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Talking Points: Why has it taken Kolkata Knight Riders so long to play Lockie Ferguson?

Also, why did Kane Williamson open for the Sunrisers Hyderabad?

KKR players gather around Lockie Ferguson after he removed Kane Williamson with his first ball of the tournament  •  BCCI

KKR players gather around Lockie Ferguson after he removed Kane Williamson with his first ball of the tournament  •  BCCI

Talking points from the IPL 2020 game between the Kolkata Knight Riders and the Sunrisers Hyderabad in Abu Dhabi.
Why has it taken Knight Riders so long to play Ferguson?
The ability to bowl 90mph yorkers as well as slower, into-the-pitch legcutters, without a discernible change in action. Three wickets in regular time, two in the Super Over. An economy rate of 3.75 in the regular time.
Why did the Knight Riders wait so long before unleashing Lockie Ferguson?
The reason is fairly simple. You can only play four overseas players in your XI, and when everyone's fit and available and their actions aren't under suspicion, it's hard for the Knight Riders to leave out either Eoin Morgan - who's now their captain - Andre Russell, Sunil Narine or Pat Cummins.
Cummins hasn't lit up the tournament with the ball, yes, but he provides lower-order hitting ability that the Knight Riders - who often pack their team with bowling options - definitely need. Cummins has even batted at No. 7 on occasion this season, including in the Knight Riders' previous game against the Mumbai Indians, in which he came in at 61 for 5 and top-scored with an unbeaten 53 off 36.
Ferguson doesn't have a single fifty in either first-class, List A or T20 cricket, so he wouldn't be a like-for-like replacement in this Knight Riders line-up. And he didn't have a particularly good IPL in 2019, playing five games, picking up just two wickets and conceding 10.76 runs per over.
The issues around Narine's action have given the Knight Riders an opportunity to pick their other overseas players, and after trying Tom Banton and Chris Green for a game each, they finally gave Ferguson his chance on Sunday.
Why didn't Narine play?
With the IPL's Suspect Bowling Action Committee clearing his action, the Knight Riders did have an option to play Narine, but they chose not to. This was probably because the committee's decision was only communicated to the team hours before the match. By then, the Knight Riders would probably have already decided on their combination and drawn up plans for the game.
Why did Williamson open for the Sunrisers?
When the Sunrisers chase began, they threw what seemed a curveball by sending in Kane Williamson, rather than David Warner, to open alongside Jonny Bairstow. It soon emerged that Williamson was carrying an injury that he sustained while fielding, and wasn't able to run quickly between wickets.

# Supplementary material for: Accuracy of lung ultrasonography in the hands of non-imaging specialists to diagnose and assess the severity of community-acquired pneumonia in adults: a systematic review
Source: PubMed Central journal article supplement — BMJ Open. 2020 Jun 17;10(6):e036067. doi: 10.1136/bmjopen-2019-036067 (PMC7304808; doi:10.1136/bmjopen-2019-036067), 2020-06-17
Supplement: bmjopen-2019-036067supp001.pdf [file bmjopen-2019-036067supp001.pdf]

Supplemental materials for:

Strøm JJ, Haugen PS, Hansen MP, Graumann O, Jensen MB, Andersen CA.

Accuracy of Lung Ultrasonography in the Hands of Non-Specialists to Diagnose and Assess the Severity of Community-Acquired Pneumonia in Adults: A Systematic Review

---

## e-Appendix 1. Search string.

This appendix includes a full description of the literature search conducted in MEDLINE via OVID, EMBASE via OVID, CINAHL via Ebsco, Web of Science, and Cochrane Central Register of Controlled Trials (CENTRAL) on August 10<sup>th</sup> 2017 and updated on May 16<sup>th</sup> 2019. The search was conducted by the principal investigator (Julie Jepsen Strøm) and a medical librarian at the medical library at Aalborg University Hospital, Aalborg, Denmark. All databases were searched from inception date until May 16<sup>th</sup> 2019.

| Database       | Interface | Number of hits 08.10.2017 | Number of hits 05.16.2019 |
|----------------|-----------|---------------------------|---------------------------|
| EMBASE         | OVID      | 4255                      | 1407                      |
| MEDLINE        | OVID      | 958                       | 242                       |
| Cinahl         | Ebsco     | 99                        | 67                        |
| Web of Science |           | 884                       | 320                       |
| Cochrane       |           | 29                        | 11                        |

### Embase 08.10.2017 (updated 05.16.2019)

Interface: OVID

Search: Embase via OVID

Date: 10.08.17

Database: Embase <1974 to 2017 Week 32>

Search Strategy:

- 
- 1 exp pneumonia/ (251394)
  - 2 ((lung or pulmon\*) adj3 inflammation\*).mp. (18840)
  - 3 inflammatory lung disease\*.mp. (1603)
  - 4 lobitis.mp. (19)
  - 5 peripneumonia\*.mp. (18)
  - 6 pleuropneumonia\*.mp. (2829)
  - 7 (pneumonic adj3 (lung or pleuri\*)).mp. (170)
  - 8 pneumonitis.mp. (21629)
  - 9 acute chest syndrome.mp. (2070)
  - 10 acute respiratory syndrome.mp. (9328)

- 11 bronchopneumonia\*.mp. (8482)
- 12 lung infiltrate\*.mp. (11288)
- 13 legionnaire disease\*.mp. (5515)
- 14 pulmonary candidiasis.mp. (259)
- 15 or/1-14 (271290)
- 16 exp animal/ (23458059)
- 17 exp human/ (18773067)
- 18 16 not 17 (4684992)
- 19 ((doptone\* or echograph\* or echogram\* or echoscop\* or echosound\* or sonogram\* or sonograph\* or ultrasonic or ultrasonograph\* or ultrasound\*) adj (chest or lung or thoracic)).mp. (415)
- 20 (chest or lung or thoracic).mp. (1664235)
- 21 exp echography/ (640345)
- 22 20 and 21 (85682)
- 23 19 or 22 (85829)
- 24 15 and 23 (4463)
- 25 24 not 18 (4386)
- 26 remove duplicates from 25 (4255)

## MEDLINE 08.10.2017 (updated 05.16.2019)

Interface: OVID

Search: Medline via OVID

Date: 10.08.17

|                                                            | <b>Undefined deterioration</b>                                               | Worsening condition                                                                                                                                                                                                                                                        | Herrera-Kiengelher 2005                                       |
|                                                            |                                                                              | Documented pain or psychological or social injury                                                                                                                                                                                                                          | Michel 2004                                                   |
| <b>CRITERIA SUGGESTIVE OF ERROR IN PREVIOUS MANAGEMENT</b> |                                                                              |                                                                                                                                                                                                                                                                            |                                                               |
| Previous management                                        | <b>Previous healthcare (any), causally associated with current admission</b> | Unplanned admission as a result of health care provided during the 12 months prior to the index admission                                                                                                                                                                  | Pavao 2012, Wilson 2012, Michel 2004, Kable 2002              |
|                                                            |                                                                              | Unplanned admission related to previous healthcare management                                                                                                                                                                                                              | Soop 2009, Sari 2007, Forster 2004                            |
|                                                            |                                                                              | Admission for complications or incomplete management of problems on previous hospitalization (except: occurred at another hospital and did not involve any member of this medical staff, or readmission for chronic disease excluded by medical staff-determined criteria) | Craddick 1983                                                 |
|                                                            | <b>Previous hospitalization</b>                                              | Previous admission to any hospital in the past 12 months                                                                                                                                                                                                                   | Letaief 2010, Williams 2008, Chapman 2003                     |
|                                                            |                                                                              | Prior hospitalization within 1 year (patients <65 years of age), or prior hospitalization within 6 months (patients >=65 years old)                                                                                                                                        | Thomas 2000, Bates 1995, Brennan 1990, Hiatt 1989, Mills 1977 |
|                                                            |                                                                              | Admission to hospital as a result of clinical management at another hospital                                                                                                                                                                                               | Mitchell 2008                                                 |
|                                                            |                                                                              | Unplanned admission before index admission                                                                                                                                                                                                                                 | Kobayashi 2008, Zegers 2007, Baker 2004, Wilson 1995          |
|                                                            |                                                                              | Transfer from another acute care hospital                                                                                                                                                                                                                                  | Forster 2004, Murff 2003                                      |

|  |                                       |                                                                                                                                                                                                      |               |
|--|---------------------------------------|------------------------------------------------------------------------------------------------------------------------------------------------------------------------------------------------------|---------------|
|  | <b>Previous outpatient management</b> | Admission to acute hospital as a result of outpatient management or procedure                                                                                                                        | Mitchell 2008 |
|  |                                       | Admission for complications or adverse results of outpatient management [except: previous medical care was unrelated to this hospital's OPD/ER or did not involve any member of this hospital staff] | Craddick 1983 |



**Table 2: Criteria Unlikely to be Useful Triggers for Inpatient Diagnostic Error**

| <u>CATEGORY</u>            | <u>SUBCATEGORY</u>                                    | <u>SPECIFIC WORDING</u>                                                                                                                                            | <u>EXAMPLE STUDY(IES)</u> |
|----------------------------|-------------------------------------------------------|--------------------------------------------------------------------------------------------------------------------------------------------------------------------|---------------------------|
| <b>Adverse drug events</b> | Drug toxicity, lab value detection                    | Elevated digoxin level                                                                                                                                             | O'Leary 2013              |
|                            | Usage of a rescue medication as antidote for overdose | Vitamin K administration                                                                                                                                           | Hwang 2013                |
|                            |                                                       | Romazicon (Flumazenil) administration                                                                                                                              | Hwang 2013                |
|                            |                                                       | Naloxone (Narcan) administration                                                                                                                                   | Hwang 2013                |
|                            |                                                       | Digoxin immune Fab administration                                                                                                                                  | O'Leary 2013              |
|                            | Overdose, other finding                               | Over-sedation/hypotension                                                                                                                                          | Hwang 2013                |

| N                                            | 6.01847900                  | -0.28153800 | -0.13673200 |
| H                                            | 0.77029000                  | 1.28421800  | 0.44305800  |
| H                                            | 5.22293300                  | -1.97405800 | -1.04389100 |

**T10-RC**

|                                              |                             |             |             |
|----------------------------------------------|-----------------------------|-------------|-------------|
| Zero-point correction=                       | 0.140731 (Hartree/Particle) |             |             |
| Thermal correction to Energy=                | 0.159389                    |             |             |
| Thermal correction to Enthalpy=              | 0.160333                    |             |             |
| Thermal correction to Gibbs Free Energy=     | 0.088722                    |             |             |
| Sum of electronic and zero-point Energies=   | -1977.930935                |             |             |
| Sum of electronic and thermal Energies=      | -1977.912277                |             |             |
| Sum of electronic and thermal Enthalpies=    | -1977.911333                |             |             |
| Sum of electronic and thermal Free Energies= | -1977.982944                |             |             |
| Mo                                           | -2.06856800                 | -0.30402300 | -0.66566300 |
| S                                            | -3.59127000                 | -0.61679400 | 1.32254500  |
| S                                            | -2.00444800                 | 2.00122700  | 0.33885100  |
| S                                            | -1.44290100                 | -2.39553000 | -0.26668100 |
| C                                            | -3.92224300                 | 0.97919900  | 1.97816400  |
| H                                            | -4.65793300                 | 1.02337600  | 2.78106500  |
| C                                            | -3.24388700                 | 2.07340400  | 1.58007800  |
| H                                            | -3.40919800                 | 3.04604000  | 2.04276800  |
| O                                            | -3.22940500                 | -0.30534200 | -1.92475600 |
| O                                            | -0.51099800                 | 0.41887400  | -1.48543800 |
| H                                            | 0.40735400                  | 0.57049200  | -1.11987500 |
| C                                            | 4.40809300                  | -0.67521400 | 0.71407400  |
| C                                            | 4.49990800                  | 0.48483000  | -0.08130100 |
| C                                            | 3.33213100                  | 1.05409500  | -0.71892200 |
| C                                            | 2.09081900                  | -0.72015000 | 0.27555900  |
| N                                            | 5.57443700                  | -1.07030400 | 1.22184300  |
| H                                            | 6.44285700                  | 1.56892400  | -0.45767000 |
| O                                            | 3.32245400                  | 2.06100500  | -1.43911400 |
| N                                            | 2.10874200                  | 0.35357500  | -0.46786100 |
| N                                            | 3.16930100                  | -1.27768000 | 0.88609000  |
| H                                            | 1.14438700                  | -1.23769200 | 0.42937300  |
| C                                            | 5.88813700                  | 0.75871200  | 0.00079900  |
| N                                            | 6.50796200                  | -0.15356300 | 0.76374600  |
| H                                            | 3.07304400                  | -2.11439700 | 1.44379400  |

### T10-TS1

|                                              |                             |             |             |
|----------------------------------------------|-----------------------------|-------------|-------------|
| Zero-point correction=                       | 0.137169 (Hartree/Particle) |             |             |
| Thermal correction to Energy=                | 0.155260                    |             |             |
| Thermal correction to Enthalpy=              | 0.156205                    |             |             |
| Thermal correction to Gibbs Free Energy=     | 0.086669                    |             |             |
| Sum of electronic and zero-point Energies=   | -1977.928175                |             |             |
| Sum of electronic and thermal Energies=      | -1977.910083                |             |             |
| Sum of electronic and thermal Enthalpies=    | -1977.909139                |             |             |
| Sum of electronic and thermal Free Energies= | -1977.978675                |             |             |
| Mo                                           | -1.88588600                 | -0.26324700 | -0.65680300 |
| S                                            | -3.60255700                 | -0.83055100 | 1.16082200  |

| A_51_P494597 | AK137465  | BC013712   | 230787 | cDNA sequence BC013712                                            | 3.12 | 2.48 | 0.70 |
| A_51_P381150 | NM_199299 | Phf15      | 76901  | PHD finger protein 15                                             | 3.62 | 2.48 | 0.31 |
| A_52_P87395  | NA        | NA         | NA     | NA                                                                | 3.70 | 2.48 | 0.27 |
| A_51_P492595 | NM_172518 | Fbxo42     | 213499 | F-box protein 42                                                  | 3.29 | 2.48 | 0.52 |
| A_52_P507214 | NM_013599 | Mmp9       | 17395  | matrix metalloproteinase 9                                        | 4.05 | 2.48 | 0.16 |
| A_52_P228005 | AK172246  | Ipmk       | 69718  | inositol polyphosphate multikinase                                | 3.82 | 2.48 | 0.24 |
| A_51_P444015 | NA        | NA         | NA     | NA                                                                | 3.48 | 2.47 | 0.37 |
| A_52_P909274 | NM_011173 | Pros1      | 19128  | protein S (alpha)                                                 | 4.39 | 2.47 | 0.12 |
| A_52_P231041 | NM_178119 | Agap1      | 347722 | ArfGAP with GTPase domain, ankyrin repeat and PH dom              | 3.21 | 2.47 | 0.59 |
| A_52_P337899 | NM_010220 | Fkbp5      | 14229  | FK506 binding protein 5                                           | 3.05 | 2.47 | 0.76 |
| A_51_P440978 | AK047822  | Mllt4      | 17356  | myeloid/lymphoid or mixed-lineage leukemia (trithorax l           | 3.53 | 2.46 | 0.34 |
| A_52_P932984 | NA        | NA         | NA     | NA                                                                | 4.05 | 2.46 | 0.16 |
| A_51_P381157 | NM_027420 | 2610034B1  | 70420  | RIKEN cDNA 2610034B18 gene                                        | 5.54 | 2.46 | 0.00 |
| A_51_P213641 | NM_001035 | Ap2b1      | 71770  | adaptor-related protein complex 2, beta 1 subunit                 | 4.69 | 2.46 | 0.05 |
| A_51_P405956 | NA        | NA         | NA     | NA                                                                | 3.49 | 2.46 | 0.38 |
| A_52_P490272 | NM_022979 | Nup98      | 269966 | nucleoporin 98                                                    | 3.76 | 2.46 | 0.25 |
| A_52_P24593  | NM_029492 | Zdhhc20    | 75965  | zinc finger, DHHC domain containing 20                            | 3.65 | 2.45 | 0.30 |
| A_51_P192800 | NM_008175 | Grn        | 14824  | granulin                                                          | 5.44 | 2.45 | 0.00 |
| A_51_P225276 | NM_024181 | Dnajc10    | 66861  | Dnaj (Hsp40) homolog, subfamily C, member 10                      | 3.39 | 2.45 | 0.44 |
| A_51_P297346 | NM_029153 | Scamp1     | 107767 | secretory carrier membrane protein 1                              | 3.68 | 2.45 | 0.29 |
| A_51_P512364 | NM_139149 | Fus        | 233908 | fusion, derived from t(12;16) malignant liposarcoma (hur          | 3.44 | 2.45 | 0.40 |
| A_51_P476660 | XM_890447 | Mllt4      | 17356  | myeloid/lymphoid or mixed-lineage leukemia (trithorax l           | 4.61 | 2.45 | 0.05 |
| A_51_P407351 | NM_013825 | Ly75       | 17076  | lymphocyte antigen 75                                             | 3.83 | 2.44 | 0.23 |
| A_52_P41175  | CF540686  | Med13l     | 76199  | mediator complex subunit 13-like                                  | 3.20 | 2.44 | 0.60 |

With field restrictions in place for the first six overs, the Sunrisers had an opportunity to bat Williamson in a phase that allowed him to look for boundaries constantly without having to worry too much about running between wickets. He did exactly what he was sent out to do, smacking 29 off 19 balls and getting the Sunrisers off to a flier.
Why did Russell bat at No. 4?
The Knight Riders have played a fairly settled top three through the tournament, but have rotated their three big-name middle-order batsmen - Dinesh Karthik, Eoin Morgan and Andre Russell - according to the match situation and match-ups with the opposition's bowlers.
On Sunday, the Knight Riders sent in Russell when they lost their second over, with their score 87 for 2 in the 12th over.
With Shubman Gill having struggled to force the pace while scoring 36 off 37, the Knight Riders possibly felt the need to send in their biggest hitter at that point. Russell hadn't had a great tournament with the bat before this game, only managing one 20-plus score in seven innings, and perhaps his team felt it would help him to have a bit more time than usual to play himself in.
And as for match-ups, the Sunrisers didn't have any outright quick bowlers who could have potentially discomfited Russell with the short ball, and they had already used up three overs from Rashid Khan, their most dangerous wicket-taker.
On all these counts, it was a punt worth taking, but it didn't quite come off, with Russell dismissed early, hitting a powerful shot straight to deep midwicket.
Why did Russell bowl the last over despite being injured?
Russell has been a key death bowler for the Knight Riders, and they suffered a major blow when he injured his hamstring while swooping to field a ball during the 12th over of the Sunrisers' chase. He hobbled off the field, and returned at the start of the 17th over but didn't look particularly comfortable moving around.
When the final over began, the Sunrisers needed 18 runs, and the Knight Riders' other fast bowlers had all finished their quotas. The only options left were Russell and left-arm wristspinner Kuldeep Yadav. Most teams don't bowl spinners in this situation, and the pitch in Abu Dhabi, though slow, wasn't offering much turn, so there was a distinct threat of either Warner or Rashid Khan - both capable six-hitters - taking Yadav apart.
The Knight Riders, therefore, went with Russell even though he was clearly not fit to bowl at full pace. He hobbled in and bowled at just about medium pace, and the move seemed to backfire when Warner hit him for three successive fours, but two decent deliveries at the end ensured the match went into a Super Over.

Karthik Krishnaswamy is a senior sub-editor at ESPNcricinfo